WHAT SHALL BE TAUGHT IN THE SCHOOLS?
W hat shall be taught in the schools? In what shall man be VV instructed as a learner during his boyhood ? Only the
consideration of what is required to further his development as a boy and a learner will enable us to answer that question, while the knowledge of what this requirement is and of his actuality is derivable only from the phenomenon of manhood in the condition of boyhood. According to this phenomenon then, and under the mode of its manifestation, what is it that the boy should be taught ? The life and the epiphany of manhood begin
ning in boyhood show first a living, penetrating consciousness of its own spiritual self. It shows too the dim suspicion of a conditioned existence already attained and of the dependence of its own spiritual self on that highest reality by which the reality of all things is conditioned, out of which all things have proceeded, and on which all things depend. In boyhood man has a living consciousness of and sympathy with that life-giving breath and vital motion, in which and through which all things live and by which all things are invisibly surrounded, -as fish are in water, or as man and all created animals are in the clear, pure air. Man as a boy and as an incipient learner seems to be conscious of his spiritual essence, having a presentiment of God and of a spiritual reality in all things. He is manifested with an aspiration to verify his perceptions of truth and to confirm himself more and more in his apprehension of the Divine. Manhood in its condition of boyhood confronts its environment, feel. ing and hoping that in all things which surround it there is a pervading spirit like its own; and this feeling excites in the boy a vehement and irresistible longing in every spring and every autumn, with every quiet evening and every return of a happy holiday, to become conscious of the Omnipresent Spirit and to make it part of himself. The outer world confronts man in his boyhood with this double problem: Firstly, it is a world conditioned and originated by the needs of mankind, by man's power and will according to human progress; or else it is conditioned and sprung from the necessities and active forces of nature. Expression evolves itself from this outer, substantial, and corporeal world and the inner, essential, spiritual world, originally appearing at enmity with both, and finally separating itself from both, - uniting both, however, even in doing so.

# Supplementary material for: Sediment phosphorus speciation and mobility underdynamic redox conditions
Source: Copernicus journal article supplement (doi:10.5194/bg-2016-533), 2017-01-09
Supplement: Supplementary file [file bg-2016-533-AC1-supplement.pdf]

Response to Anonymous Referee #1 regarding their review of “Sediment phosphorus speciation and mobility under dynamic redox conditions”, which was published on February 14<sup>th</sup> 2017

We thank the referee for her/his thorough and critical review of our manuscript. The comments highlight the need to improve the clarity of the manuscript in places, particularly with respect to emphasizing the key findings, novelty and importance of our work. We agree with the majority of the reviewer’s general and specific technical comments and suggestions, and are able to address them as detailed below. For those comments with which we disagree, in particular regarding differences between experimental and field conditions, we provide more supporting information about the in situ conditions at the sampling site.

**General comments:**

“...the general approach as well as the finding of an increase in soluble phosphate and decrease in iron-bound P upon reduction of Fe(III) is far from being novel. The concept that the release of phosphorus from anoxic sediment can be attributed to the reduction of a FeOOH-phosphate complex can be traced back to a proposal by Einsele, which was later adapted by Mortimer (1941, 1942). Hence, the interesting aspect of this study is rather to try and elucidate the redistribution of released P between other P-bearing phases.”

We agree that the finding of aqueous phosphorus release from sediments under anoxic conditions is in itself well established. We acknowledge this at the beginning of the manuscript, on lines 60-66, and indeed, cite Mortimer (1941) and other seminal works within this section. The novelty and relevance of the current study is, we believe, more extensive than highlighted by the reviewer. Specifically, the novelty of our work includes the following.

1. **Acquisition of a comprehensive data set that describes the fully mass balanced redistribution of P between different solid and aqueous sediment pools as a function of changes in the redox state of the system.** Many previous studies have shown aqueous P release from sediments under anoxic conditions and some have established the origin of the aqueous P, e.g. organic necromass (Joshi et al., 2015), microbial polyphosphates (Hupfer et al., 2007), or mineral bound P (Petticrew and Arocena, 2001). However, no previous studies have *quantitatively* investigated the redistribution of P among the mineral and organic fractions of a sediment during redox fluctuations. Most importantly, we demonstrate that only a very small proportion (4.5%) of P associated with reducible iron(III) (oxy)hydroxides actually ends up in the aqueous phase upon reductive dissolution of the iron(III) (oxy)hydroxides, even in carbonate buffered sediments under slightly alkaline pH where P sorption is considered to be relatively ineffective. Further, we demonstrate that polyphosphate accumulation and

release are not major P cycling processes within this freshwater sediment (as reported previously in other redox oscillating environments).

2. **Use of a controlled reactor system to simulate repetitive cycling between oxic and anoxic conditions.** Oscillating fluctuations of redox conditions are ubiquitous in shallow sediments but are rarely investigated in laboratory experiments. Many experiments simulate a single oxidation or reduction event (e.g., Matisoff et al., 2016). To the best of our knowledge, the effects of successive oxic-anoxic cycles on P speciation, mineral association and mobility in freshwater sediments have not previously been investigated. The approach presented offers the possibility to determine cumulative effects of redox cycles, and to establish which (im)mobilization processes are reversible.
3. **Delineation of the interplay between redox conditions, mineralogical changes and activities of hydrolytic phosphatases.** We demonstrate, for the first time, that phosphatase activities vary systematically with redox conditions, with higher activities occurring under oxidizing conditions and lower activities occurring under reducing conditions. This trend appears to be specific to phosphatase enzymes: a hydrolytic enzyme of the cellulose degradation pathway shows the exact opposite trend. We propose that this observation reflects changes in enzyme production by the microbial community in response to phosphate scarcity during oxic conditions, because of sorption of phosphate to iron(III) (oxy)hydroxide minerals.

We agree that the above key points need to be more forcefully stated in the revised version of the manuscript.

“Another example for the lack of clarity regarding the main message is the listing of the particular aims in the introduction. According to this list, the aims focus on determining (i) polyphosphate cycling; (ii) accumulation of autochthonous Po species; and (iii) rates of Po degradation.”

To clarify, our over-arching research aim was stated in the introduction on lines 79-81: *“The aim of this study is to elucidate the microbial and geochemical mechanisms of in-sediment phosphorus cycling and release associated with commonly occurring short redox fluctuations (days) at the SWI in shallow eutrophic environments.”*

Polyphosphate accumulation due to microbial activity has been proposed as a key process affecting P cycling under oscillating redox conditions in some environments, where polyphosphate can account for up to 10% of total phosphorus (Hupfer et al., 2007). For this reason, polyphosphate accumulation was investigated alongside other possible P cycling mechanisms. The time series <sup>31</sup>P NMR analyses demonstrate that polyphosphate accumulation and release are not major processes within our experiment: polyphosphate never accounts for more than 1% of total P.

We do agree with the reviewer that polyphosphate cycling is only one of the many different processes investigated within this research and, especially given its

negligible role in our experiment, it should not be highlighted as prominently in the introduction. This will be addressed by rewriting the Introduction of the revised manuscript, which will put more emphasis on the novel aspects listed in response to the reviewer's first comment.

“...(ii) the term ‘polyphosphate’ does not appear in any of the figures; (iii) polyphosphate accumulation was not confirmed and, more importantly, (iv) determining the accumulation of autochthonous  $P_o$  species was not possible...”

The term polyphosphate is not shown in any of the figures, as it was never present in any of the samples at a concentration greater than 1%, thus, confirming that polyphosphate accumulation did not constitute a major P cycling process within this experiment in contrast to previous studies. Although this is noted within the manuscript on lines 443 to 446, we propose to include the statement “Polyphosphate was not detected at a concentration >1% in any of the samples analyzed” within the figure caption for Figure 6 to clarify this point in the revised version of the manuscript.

Thus human nature and its environment of outer nature through its connecting medium of expression are the angle points of a boy's life,-as the Scriptures show they were the angle points of universal humanity in the first stage of its progress towards responsibility. Through this, the school and its training shall lead the boy to a triune knowledge, - that is, to a knowl. edge of himself in all his relations; to a knowledge of mankind in general, its being and conditions; to the knowledge of God as the Eternal Condition, the Everlasting Foundation and Source of human life and of all things; and finally to the knowledge of